Ageism is a world-wide problem and negative attitudes towards older people are pervasive in many cultures and societies, including our own. Older people are all too often stereotyped as ‘has-beens’ with no aspirations or future and even as threats to the opportunities of younger people. The direct effect of this ageism is that older people are at major risk of experiencing discriminatory treatment globally and across a wide range of situations; from undignified and inadequate care in the household, hospitals and residential homes, to unequal treatment in employment and inadequate responses in emergency and humanitarian situations.
The UN Universal Declaration on Human Rights (UDHR) adopted in 1948 explicitly prohibits discrimination on a wide range of grounds; ‘race, color, sex, language, religion, political or other opinion, national or social origin, property, birth or other status’ (UDHR, Art 2). Arguably the most glaring omission from this list is ‘age’, the result of which is that very little attention is given to the human rights of older people by international human rights mechanisms. Continue reading
The Equality Act 2010 was a long time in the making, beginning life in the form of the Discrimination Law Review which began its work back in 2005. Its aim was to simplify and harmonise the complicated web of legislation that had emerged over the previous thirty or so years in response to a growing recognition of the corrosive effects that discrimination in its various guises has on our society. When the Act finally made it onto the statute book in April 2010 it was hailed as a major landmark; providing for the first time comprehensive anti-discrimination legislation that provides a solid platform from which to tackle discrimination based on disability, gender and gender identity, race, religion or belief, sexual orientation and crucially from Age UK’s perspective, age. However there was also a widespread recognition on the part of all those who champion greater equality that this was where the real work had to begin. For the law to be effective a major effort was now needed to make sure that everyone; employers and employees, businesses and customers, service providers and clients, all understood how the law worked and how greater equality would benefit them and their organisations.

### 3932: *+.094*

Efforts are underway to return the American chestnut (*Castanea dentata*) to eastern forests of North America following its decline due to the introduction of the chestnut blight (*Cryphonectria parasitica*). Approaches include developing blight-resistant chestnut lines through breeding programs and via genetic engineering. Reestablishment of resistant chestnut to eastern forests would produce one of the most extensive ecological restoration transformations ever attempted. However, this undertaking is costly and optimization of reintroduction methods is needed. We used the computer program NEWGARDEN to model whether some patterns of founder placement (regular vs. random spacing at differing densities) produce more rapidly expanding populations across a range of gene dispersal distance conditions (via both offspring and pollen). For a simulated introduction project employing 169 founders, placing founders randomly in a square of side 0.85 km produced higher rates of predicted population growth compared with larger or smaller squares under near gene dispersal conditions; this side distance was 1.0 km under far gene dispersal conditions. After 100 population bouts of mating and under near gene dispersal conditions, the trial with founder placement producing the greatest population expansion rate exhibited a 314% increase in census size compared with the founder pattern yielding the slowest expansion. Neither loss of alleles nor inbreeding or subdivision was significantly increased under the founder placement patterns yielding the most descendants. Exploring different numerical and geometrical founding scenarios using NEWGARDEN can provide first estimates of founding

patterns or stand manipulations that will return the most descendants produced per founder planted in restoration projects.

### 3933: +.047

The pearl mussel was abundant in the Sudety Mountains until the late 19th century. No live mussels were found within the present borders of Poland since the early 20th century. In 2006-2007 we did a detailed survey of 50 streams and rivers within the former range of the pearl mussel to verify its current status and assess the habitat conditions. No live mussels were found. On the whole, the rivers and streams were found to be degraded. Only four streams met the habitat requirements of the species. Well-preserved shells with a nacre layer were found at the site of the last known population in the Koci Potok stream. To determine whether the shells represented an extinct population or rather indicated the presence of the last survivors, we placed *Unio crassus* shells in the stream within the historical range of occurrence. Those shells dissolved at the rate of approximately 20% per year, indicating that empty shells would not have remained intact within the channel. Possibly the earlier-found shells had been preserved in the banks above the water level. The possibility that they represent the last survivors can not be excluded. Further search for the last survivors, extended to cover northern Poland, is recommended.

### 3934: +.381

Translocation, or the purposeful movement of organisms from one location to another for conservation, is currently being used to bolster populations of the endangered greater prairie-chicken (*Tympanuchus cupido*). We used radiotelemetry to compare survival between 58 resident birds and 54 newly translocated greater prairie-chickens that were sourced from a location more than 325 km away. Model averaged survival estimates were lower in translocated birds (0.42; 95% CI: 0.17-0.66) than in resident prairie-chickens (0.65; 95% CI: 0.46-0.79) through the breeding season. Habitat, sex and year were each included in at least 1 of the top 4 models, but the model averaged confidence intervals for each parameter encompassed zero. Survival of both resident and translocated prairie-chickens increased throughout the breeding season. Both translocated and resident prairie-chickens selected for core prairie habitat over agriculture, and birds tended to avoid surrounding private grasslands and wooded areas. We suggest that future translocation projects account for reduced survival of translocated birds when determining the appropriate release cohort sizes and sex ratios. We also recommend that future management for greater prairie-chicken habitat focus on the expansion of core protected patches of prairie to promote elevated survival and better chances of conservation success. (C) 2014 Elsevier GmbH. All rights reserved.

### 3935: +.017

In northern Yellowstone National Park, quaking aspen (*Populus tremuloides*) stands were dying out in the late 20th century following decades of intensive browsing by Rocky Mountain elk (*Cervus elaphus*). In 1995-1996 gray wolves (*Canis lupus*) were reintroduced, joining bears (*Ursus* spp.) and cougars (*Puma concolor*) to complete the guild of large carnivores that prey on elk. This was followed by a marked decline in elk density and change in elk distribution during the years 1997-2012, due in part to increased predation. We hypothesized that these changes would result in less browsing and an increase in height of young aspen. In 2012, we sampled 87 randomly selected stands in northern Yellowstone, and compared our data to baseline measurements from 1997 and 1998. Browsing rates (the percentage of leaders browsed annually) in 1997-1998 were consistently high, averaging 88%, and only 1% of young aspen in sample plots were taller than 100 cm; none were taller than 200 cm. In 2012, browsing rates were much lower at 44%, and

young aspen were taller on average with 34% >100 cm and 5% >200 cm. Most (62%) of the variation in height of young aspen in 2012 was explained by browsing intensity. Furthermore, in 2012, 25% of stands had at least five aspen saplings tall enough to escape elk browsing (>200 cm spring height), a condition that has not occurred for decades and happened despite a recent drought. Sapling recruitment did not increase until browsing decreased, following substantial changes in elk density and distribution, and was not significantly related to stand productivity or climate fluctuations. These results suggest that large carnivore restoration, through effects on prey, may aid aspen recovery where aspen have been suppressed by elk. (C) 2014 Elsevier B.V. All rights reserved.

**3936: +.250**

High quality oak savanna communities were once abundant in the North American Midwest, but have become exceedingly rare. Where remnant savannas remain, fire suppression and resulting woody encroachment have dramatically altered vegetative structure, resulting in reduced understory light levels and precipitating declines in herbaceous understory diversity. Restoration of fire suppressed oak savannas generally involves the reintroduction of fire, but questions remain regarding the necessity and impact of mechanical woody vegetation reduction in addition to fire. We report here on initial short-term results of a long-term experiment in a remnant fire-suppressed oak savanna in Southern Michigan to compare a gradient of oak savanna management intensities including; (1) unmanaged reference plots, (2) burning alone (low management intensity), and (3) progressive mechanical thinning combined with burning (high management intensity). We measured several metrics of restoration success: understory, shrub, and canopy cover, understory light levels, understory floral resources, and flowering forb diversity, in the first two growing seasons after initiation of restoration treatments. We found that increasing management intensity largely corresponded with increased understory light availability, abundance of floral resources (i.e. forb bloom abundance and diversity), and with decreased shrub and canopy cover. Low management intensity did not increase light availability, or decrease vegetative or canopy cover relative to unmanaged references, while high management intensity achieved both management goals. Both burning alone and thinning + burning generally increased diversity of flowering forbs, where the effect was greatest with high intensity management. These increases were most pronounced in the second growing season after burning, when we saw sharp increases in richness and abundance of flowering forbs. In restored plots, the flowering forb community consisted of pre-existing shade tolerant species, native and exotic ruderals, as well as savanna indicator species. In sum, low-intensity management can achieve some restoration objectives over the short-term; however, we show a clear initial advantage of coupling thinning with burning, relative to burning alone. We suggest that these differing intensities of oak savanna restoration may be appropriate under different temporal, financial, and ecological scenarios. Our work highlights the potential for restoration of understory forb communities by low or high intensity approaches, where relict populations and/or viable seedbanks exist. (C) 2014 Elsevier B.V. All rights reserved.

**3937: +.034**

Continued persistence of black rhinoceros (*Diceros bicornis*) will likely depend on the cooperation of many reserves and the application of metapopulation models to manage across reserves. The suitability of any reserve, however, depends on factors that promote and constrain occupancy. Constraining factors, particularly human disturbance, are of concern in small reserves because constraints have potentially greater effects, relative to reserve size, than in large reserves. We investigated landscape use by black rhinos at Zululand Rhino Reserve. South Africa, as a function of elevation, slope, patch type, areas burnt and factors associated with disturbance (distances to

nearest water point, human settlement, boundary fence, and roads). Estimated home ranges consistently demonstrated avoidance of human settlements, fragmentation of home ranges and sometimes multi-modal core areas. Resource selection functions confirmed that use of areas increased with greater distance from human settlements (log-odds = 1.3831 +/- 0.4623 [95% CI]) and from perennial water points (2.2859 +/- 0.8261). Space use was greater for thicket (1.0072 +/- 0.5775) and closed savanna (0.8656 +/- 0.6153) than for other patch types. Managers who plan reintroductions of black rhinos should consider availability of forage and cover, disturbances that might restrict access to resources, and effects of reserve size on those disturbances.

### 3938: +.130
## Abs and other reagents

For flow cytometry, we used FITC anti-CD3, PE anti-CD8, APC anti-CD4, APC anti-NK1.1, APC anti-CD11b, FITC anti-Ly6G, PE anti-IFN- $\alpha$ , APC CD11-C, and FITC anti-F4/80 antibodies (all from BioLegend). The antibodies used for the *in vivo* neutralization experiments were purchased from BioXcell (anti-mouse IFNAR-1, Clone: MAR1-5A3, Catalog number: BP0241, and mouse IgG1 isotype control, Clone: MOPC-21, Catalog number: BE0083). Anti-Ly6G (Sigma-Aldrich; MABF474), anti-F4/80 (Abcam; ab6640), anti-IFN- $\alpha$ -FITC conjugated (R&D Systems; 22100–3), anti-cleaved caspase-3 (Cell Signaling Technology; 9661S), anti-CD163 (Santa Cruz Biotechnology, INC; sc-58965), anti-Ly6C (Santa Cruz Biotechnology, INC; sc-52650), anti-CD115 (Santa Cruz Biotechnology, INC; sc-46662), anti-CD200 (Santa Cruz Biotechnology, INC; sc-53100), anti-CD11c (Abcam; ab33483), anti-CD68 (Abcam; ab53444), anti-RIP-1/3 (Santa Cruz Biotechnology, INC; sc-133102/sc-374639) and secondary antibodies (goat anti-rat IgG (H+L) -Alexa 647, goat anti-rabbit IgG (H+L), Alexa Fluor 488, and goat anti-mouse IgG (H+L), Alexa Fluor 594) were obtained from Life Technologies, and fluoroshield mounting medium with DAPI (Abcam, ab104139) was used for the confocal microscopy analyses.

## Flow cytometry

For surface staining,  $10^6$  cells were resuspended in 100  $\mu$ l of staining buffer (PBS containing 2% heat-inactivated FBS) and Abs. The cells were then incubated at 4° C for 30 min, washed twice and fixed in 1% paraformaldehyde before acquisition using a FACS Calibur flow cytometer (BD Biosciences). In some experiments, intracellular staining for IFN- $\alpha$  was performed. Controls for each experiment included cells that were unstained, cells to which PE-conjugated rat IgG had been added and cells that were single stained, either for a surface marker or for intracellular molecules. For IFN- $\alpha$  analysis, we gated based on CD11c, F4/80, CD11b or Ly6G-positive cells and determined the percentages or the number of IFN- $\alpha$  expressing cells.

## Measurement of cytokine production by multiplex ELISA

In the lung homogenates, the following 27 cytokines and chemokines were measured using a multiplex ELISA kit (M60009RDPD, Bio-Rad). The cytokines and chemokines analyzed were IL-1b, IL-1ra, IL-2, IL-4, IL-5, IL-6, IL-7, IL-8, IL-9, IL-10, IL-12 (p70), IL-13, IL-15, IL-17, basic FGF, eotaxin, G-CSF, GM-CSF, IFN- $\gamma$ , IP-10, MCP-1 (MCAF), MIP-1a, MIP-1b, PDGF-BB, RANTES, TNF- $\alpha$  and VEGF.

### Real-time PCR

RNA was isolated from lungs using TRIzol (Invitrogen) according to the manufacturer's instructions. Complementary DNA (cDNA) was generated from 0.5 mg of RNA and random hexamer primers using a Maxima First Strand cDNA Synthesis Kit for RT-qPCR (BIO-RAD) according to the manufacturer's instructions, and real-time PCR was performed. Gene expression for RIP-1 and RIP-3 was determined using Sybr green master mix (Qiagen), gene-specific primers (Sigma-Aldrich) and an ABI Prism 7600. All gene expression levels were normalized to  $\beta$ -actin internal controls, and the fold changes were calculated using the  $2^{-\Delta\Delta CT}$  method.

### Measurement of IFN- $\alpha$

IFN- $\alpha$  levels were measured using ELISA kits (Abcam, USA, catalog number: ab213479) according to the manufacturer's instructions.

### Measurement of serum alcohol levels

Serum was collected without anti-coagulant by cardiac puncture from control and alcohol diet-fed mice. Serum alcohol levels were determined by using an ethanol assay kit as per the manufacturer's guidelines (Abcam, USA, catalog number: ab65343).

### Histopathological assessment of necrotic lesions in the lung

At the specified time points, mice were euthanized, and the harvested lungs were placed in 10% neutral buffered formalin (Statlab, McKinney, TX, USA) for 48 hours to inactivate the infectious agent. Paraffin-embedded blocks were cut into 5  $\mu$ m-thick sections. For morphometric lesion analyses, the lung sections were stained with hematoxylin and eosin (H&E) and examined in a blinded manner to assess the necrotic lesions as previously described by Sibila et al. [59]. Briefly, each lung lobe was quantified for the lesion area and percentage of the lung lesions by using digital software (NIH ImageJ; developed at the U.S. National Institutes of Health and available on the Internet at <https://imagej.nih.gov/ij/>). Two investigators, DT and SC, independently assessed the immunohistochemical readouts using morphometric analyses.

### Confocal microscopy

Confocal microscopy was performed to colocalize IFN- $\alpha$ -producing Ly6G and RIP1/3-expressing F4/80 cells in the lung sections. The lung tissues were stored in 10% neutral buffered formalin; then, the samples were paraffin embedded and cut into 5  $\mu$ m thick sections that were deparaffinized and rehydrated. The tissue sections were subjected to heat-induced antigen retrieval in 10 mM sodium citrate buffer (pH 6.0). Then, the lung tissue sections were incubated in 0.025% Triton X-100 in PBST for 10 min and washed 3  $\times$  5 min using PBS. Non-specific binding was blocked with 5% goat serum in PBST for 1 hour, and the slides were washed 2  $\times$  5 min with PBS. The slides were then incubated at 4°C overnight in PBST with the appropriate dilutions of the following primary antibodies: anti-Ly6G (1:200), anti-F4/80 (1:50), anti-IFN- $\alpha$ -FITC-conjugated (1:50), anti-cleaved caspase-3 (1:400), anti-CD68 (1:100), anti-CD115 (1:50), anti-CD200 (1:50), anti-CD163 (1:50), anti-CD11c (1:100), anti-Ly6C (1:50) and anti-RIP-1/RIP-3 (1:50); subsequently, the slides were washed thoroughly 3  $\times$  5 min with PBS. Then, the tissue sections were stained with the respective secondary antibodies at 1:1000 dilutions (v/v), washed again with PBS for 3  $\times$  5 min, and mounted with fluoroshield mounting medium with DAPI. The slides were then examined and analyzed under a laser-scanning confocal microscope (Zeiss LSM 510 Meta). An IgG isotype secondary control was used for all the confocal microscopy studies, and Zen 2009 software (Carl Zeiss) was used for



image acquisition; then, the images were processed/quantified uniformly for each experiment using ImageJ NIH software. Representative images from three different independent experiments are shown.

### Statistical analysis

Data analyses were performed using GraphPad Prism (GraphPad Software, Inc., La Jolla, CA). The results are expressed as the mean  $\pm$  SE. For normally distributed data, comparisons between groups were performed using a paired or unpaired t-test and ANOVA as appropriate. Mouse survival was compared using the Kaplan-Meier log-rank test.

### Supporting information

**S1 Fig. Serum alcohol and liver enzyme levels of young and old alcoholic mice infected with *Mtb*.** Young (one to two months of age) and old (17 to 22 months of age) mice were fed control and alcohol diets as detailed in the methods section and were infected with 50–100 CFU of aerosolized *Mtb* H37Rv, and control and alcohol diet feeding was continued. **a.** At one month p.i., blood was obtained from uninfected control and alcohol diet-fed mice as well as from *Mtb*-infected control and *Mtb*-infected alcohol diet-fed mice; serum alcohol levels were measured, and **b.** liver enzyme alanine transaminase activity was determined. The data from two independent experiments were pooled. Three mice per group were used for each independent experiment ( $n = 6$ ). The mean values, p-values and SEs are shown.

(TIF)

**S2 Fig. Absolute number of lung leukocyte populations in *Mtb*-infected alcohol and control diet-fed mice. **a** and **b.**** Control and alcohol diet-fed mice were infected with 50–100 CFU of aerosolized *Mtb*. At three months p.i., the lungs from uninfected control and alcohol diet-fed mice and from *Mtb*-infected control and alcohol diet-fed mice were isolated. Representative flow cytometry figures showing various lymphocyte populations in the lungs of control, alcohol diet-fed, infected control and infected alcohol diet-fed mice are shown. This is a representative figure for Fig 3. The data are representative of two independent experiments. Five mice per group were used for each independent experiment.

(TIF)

Against this backdrop the Government’s decision to include the Equality Act in its Red Tape Challenge initiative, which aims to identify regulations that hurt businesses, hinder economic recovery and should therefore be scrapped, has been greeted with a certain degree of apprehension. Describing primary legislation that was designed specifically to harmonise and simplify equality law in the language of bureaucracy and burden is hugely detrimental to efforts Age UK is making to help businesses recognise the benefits of tackling age discrimination which stands in the way of them accessing the ‘golden market’. It is also questionable whether now is the best time for this review, before all the provisions of the Act, including vital measures to outlaw harmful age discrimination in the provision of goods and services, have even been implemented. Continue reading